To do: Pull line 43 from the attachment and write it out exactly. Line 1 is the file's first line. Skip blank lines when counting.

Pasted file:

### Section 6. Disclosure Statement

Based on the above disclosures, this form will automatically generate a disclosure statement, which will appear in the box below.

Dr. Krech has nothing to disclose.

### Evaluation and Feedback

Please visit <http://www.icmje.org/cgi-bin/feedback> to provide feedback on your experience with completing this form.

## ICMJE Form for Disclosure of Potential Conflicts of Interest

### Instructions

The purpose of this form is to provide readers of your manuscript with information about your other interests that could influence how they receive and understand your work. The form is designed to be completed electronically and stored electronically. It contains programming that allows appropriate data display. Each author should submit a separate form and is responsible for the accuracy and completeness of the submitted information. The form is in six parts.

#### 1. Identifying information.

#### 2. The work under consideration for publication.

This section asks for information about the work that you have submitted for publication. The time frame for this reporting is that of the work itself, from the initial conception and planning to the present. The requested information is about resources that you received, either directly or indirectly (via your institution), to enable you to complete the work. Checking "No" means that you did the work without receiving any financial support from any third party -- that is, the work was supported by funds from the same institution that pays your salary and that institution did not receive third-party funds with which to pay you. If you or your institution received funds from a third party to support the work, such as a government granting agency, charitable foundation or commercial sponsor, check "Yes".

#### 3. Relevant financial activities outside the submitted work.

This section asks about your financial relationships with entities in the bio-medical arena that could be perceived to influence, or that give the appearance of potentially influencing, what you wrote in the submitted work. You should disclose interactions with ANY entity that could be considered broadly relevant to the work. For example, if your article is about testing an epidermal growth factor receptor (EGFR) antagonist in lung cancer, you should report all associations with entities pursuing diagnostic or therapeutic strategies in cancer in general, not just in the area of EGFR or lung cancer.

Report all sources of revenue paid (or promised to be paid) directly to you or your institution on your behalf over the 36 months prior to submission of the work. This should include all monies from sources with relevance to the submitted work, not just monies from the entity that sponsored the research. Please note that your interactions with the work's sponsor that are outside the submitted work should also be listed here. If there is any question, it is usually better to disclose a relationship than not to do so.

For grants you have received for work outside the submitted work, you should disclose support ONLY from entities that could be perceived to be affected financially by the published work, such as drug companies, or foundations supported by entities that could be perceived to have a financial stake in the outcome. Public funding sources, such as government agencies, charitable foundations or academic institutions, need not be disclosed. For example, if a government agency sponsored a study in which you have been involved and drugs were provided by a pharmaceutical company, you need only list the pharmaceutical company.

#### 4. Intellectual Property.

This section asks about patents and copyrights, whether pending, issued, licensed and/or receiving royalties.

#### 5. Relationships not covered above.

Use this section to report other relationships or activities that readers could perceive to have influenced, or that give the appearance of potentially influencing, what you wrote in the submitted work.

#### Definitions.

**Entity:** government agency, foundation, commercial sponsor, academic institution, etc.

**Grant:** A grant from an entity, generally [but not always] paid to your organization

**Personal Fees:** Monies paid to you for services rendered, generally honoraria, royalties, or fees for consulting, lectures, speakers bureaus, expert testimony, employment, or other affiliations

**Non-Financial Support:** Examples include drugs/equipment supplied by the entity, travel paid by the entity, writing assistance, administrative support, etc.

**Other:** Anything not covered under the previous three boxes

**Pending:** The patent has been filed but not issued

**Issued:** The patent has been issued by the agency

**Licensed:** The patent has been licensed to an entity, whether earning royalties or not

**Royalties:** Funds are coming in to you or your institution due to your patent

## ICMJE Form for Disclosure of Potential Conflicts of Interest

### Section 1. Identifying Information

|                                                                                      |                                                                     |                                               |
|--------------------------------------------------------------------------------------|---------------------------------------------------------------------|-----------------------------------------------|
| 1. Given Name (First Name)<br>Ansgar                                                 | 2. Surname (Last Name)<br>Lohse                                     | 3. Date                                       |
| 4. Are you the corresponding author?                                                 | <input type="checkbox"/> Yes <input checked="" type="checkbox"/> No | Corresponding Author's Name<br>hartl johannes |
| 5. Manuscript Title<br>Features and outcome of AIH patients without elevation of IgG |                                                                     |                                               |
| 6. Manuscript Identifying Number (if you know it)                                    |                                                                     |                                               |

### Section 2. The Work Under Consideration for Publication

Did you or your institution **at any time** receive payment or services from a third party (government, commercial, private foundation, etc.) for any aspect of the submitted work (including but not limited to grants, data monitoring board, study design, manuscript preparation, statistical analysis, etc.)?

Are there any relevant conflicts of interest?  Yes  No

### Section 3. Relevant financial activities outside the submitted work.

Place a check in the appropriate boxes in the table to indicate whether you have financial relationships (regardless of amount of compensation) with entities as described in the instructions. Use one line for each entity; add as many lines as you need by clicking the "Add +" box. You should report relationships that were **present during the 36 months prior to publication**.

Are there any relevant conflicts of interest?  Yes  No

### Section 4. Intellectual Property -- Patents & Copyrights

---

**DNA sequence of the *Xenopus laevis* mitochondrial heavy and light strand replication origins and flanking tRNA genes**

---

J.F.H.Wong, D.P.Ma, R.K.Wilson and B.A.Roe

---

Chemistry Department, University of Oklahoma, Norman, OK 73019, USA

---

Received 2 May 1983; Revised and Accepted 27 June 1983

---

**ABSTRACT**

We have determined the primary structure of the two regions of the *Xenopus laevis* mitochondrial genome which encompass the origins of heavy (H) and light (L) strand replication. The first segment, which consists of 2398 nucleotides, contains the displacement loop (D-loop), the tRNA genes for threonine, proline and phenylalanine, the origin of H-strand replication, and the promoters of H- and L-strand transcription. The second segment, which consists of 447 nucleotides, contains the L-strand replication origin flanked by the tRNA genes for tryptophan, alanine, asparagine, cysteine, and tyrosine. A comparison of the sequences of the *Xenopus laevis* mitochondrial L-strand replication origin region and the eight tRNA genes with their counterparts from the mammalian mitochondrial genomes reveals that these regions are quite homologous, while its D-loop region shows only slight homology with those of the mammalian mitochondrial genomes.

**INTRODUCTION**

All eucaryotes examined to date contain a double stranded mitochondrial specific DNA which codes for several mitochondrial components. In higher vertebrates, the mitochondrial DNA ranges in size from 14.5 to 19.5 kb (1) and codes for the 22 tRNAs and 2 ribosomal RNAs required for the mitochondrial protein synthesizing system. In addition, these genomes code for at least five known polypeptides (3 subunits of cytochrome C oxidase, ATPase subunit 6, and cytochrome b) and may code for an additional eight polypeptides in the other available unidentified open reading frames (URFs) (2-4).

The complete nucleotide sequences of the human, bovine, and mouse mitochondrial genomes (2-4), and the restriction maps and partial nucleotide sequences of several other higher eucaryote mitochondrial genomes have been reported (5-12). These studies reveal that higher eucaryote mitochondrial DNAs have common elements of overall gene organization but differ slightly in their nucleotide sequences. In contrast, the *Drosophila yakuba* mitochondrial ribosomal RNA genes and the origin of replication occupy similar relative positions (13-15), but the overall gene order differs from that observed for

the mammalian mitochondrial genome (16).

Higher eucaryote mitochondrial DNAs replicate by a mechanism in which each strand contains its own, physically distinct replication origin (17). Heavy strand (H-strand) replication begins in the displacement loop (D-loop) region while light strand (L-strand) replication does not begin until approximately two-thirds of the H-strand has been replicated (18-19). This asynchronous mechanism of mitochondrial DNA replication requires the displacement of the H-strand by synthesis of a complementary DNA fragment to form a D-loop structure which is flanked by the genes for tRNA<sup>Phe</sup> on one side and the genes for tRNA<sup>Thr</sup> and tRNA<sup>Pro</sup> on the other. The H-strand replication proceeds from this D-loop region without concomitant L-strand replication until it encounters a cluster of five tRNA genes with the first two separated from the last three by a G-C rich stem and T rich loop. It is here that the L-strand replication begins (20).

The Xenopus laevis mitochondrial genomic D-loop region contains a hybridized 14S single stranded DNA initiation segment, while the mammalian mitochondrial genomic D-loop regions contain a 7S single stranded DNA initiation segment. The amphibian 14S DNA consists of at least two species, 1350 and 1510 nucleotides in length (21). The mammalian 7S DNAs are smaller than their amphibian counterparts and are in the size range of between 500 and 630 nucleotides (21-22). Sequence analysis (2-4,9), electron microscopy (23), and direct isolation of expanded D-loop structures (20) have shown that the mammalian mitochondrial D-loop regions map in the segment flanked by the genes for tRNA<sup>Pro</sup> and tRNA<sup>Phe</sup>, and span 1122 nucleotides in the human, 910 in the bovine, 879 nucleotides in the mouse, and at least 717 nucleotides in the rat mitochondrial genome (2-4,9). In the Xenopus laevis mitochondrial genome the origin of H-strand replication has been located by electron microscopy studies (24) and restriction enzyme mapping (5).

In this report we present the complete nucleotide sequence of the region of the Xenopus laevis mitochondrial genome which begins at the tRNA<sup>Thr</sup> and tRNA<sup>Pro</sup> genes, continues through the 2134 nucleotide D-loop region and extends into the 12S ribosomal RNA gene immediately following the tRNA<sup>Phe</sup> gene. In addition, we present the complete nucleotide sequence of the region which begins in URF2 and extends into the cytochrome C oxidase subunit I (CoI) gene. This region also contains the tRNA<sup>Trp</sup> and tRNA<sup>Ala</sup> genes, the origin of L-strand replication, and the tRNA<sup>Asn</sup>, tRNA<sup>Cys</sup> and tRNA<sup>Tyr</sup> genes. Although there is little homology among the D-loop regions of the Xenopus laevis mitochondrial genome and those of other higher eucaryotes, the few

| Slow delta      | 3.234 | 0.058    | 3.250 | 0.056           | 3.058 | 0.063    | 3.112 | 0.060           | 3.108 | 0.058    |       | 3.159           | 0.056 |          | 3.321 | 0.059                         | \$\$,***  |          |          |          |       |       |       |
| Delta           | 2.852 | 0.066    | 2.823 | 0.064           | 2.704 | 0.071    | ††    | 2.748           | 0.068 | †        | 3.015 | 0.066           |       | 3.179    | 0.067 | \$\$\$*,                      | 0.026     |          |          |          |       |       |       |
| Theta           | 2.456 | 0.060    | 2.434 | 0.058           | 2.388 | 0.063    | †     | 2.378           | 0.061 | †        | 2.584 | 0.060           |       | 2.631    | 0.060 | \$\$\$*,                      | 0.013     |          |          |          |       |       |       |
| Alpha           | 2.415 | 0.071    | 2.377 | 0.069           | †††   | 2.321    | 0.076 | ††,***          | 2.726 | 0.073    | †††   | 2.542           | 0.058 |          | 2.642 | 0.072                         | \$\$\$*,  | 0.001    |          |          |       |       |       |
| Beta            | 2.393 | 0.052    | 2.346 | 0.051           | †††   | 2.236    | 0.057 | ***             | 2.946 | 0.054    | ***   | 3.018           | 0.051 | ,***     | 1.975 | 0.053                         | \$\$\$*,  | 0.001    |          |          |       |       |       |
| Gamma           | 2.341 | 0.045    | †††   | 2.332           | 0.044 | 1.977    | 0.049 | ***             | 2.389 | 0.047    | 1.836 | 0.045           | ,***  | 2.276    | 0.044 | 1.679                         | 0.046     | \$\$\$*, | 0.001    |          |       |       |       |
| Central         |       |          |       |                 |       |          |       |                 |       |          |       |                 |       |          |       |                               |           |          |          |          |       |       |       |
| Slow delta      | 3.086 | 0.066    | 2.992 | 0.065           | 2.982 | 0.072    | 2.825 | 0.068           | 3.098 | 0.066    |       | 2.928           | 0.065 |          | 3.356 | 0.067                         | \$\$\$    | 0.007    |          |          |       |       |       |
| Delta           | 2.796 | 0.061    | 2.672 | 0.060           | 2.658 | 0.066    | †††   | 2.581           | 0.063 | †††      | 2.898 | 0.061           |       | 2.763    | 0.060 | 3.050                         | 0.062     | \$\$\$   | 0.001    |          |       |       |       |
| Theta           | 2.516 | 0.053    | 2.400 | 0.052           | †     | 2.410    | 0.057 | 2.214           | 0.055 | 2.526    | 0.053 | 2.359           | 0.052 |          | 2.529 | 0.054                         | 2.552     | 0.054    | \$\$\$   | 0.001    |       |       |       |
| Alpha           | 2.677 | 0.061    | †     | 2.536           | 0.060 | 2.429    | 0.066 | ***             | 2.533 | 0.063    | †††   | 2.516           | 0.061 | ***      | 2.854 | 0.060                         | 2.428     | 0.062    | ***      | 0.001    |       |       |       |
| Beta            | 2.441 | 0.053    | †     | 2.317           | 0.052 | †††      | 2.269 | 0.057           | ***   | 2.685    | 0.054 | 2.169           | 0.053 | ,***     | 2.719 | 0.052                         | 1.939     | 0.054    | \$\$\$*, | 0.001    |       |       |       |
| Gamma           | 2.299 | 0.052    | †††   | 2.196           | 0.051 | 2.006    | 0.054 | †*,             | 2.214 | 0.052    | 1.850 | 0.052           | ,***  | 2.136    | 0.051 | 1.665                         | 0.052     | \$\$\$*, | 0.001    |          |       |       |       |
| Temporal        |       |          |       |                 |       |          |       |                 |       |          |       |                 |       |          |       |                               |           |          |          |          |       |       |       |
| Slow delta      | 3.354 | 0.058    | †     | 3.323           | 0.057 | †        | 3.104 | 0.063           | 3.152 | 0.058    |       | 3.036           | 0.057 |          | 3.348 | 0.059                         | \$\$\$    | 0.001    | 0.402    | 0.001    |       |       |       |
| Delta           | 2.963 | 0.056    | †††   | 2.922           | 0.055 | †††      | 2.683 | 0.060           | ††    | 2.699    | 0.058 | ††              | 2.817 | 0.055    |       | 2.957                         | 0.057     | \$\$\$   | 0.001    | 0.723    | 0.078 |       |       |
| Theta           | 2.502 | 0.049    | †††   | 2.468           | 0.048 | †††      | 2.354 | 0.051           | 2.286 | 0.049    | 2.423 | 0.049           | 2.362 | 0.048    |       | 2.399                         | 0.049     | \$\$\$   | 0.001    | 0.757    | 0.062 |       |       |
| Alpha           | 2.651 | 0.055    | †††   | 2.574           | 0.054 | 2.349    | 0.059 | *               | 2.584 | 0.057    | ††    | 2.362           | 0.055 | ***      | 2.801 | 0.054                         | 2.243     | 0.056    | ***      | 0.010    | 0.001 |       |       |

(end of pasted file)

Are there any relevant conflicts of interest?  Yes  No